Photo: Matthew Roth

Have you been thinking about the fact that average Americans are still struggling to pay the bills, or wondering why worker pay hasn't risen a lick in the past few years? If so, there's a courtroom drama scheduled to unfold this May in San Jose, California, and it promises to shed some light on these very issues.

The case, in which tech giants like Google (NASDAQ:GOOGL) and Apple Inc. (NASDAQ:AAPL) will answer charges of wage-fixing in the technology industry, is sure to be an eye-opener, if a sampling of documents perused by PandoDaily is any indication.

Years of wage suppression
The lawsuit, brought against a group of four tech titans and representing nearly 65,000 employees, has been years in the making. In September 2010, the Department of Justice settled civic charges against the aforementioned companies, as well as Intel Corp., Intuit Inc., Adobe Systems and Walt Disney's Pixar Animation unit for antitrust violations.

Just as in the instant case, the tech and entertainment companies were accused of agreeing not to poach each other's employees. The DOJ commented that the no-solicitation agreements, which began in 2005, "eliminated a significant form of competition to attract highly skilled employees" and exerted a chilling effect upon the compensation levels and chances of intra-industry mobility of tech workers.

The settlement, which required the six companies to stop engaging in no-poaching agreements for five years, did not levy any fines or penalties. In 2011, a group of five software engineers sued Apple, Adobe, Google, and Intel over the no-solicitation deals, seeking class action status.

After several years, during which time the tech giants unsuccessfully tried to have the suit dismissed, a federal appeals court judge finally upheld a lower court's ruling to allow the suit to move forward as a class action.

Collusion hurts workers, and the industry
There seems little doubt that these no-poaching pacts were meant to depress wages for certain categories of tech workers. Why would these companies do such a thing? Certainly, companies like Apple and Google are not destitute – in fact, they are among the top five non-financial companies holding the lion's share of all corporate cash, according to Moody's. If it was merely a question of keeping valued employees, well, the tech companies only had to sweeten the competitor's offer.

The drive to hold down pay doesn't seem to apply to CEOs, by the way. Despite Tim Cook's showy self-inflicted pay cut last year, he still made about $40 million . Google CEO Larry Page's net worth of $31 billion certainly wasn't built with a yearly salary of $1, either.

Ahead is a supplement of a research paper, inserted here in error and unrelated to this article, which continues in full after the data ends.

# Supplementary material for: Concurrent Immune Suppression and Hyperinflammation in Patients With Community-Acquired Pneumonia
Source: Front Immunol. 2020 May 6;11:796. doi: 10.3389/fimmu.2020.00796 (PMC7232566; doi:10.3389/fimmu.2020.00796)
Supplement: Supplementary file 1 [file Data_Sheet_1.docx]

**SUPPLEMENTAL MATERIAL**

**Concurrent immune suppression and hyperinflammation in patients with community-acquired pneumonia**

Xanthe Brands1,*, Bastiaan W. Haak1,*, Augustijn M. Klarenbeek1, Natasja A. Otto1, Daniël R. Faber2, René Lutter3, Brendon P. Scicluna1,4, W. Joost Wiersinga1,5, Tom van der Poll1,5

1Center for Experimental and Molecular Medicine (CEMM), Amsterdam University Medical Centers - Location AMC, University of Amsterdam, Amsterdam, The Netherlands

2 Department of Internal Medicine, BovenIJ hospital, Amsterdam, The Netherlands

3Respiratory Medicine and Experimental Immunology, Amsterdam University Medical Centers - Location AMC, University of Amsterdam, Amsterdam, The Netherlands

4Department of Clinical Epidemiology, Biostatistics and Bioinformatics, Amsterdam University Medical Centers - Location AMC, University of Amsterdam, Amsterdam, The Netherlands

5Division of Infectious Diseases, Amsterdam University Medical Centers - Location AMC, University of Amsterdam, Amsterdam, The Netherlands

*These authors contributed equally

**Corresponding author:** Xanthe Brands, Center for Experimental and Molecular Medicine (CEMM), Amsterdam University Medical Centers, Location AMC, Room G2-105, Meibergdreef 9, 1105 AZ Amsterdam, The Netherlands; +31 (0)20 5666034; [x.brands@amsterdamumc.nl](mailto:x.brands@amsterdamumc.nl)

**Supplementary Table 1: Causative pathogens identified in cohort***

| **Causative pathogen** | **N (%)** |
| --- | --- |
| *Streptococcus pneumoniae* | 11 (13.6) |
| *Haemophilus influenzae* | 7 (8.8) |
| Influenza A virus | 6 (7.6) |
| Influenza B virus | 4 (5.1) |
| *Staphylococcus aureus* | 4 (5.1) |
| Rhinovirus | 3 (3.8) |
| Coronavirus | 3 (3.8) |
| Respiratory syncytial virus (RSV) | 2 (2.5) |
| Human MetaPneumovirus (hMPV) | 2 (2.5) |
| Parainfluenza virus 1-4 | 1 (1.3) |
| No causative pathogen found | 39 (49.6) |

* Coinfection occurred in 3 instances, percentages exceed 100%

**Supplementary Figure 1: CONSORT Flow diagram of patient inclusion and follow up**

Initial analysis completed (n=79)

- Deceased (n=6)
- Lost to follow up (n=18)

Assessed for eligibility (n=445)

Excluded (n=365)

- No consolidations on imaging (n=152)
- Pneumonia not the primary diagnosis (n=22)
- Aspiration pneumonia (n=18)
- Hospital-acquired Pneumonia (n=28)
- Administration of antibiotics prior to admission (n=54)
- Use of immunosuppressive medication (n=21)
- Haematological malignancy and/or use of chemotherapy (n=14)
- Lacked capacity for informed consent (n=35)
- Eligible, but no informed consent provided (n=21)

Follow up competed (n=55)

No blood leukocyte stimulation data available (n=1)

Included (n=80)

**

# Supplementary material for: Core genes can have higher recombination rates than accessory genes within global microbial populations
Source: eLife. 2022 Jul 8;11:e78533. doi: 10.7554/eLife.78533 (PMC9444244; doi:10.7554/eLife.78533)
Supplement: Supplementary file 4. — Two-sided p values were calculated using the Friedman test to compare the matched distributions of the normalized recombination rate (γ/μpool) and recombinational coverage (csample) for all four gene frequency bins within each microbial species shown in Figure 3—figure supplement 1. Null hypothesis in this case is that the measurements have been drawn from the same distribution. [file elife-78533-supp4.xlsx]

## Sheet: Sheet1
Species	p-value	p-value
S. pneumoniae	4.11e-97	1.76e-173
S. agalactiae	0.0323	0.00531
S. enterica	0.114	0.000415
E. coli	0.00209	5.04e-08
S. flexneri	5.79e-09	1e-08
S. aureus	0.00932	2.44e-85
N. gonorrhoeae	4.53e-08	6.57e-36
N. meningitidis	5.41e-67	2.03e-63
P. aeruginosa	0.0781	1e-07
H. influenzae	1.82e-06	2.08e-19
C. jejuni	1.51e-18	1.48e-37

It seems unlikely it would be simply mean-spiritedness, but consider this tidbit. Some of the biggest U.S. firms lobbying to increase the number of H-1B visas from 65,000 annually to something like 300,000 are tech companies. These employers claim that there is such a shortage of highly skilled workers available domestically that they must import such employees from foreign countries – who then may stay in the U.S. and work for up to six years. Detractors note that these imported workers are generally paid lower wages then U.S. workers.

If there is truly a shortage of workers here at home, the tech titans have only themselves to blame. By keeping wages artificially low and limiting employee mobility, their actions have likely kept general interest in pursuing such career paths depressed. Instead of encouraging American youth to choose technology majors to alleviate any job shortages, these companies have done just the opposite – all the time crying to congress that they cannot find enough skilled labor to be competitive.

The worst part about this distasteful scenario is it might be more widespread than anyone knows. What began as a deal between Apple and Google in 2005 quickly mushroomed , encompassing other, seemingly diverse businesses like Genentech, JCrew, and Comcast. Is this sort of thing still going on? Who knows.

The class action lawsuit could wind up costing big tech $9 billion or more  in damages. If the plaintiffs prevail, we might be seeing a whole lot more of these types of lawsuits in the future.

This article represents the opinion of the writer, who may disagree with the “official” recommendation position of a Motley Fool premium advisory service. We’re motley! Questioning an investing thesis -- even one of our own -- helps us all think critically about investing and make decisions that help us become smarter, happier, and richer.